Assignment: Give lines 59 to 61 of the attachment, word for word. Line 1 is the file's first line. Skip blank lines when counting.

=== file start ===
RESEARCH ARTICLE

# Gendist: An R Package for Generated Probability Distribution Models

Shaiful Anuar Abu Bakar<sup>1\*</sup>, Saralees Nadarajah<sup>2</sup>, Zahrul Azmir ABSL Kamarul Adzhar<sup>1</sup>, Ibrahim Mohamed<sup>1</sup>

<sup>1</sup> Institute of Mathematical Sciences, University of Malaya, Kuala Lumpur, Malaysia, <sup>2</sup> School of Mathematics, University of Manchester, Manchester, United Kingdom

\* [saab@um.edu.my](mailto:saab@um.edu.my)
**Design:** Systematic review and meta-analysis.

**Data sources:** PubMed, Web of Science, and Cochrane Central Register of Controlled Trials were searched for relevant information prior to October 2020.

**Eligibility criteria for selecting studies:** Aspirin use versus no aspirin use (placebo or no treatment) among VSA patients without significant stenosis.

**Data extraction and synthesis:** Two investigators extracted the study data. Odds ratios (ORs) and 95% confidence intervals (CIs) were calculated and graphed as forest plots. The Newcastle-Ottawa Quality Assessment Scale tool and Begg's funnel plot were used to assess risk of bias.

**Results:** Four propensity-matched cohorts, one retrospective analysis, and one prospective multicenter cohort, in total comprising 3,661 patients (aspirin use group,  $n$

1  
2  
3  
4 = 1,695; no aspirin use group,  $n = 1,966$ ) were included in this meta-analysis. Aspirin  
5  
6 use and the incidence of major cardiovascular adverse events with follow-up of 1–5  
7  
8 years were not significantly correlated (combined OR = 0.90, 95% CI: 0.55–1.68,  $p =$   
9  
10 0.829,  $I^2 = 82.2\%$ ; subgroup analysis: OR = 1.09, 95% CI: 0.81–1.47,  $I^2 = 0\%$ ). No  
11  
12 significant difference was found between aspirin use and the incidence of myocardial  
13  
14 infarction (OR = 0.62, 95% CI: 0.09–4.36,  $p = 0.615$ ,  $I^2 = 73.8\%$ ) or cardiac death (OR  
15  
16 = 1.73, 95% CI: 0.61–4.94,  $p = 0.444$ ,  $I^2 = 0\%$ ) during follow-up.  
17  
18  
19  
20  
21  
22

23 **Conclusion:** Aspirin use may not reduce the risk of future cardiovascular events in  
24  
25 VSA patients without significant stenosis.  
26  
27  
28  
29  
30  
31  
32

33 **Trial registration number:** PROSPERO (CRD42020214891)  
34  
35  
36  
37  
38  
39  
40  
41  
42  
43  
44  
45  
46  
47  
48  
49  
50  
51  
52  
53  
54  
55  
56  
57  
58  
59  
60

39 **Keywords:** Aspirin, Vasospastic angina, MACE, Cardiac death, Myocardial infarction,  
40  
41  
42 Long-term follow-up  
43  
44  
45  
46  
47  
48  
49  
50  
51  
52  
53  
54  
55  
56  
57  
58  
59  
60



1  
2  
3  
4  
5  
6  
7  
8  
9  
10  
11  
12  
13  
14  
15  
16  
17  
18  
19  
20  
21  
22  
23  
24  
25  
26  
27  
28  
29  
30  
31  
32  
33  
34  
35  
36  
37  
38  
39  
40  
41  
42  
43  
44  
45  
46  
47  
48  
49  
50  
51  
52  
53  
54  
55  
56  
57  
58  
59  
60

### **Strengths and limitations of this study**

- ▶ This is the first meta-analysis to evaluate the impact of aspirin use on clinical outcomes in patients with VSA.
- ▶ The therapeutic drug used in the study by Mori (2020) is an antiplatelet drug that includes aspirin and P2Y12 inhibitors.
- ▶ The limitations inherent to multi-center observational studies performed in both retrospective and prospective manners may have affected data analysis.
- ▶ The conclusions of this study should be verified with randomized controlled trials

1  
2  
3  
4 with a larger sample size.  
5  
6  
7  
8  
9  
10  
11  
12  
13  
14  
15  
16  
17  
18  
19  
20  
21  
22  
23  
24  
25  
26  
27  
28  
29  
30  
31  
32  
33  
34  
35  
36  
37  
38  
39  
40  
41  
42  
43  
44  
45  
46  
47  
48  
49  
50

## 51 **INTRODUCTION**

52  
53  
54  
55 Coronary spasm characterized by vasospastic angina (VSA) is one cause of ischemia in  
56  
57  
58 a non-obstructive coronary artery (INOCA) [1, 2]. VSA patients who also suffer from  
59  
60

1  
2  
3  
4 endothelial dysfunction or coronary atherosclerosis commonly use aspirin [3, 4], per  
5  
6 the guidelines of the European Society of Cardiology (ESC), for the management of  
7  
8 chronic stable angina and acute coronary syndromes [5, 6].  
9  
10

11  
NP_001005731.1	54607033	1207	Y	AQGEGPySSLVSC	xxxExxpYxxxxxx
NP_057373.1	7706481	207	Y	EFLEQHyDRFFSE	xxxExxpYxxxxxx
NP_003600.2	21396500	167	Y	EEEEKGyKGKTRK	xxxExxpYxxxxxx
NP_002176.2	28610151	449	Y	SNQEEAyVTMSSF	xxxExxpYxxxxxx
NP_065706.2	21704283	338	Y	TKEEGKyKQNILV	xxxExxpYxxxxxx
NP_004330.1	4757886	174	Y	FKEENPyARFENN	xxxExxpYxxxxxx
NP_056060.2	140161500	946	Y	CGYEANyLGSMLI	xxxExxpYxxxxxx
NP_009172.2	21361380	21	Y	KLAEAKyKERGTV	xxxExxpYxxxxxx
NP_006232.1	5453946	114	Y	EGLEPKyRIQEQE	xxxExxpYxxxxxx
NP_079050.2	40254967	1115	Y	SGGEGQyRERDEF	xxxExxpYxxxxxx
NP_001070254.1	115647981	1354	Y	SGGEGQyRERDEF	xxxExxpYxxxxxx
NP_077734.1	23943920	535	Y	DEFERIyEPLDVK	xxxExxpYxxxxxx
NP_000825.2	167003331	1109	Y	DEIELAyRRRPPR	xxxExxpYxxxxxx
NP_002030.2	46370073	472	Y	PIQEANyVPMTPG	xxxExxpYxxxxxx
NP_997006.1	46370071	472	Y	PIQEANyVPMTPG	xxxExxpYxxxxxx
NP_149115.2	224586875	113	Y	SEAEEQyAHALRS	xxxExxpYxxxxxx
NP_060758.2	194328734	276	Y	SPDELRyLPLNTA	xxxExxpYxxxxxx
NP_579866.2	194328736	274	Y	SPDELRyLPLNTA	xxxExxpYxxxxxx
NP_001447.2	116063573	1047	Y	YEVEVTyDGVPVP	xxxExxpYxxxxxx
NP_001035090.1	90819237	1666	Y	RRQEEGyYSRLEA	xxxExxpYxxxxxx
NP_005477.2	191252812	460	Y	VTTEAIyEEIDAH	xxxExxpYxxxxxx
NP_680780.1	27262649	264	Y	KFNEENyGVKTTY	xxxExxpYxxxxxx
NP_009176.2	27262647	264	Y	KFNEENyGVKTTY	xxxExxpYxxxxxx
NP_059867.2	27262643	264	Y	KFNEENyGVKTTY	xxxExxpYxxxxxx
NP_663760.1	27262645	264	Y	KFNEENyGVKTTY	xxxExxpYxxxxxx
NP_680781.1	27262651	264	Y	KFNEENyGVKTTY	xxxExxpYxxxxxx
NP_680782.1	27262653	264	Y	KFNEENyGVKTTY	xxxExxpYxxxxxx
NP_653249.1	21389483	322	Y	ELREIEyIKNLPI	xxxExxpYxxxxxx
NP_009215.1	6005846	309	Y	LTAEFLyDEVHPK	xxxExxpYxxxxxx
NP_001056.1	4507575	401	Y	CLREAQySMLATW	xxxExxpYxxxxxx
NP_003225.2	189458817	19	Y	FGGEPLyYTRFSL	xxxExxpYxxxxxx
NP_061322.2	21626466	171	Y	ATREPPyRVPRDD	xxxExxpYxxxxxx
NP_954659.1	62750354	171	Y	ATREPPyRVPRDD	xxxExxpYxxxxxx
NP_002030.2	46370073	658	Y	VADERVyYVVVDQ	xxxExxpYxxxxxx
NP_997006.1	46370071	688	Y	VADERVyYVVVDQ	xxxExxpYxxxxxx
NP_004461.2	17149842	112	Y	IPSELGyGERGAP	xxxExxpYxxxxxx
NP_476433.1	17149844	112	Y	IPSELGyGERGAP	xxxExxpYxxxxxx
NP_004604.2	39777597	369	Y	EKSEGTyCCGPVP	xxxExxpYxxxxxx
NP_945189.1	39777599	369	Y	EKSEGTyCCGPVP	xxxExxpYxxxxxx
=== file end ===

49  
50  
51  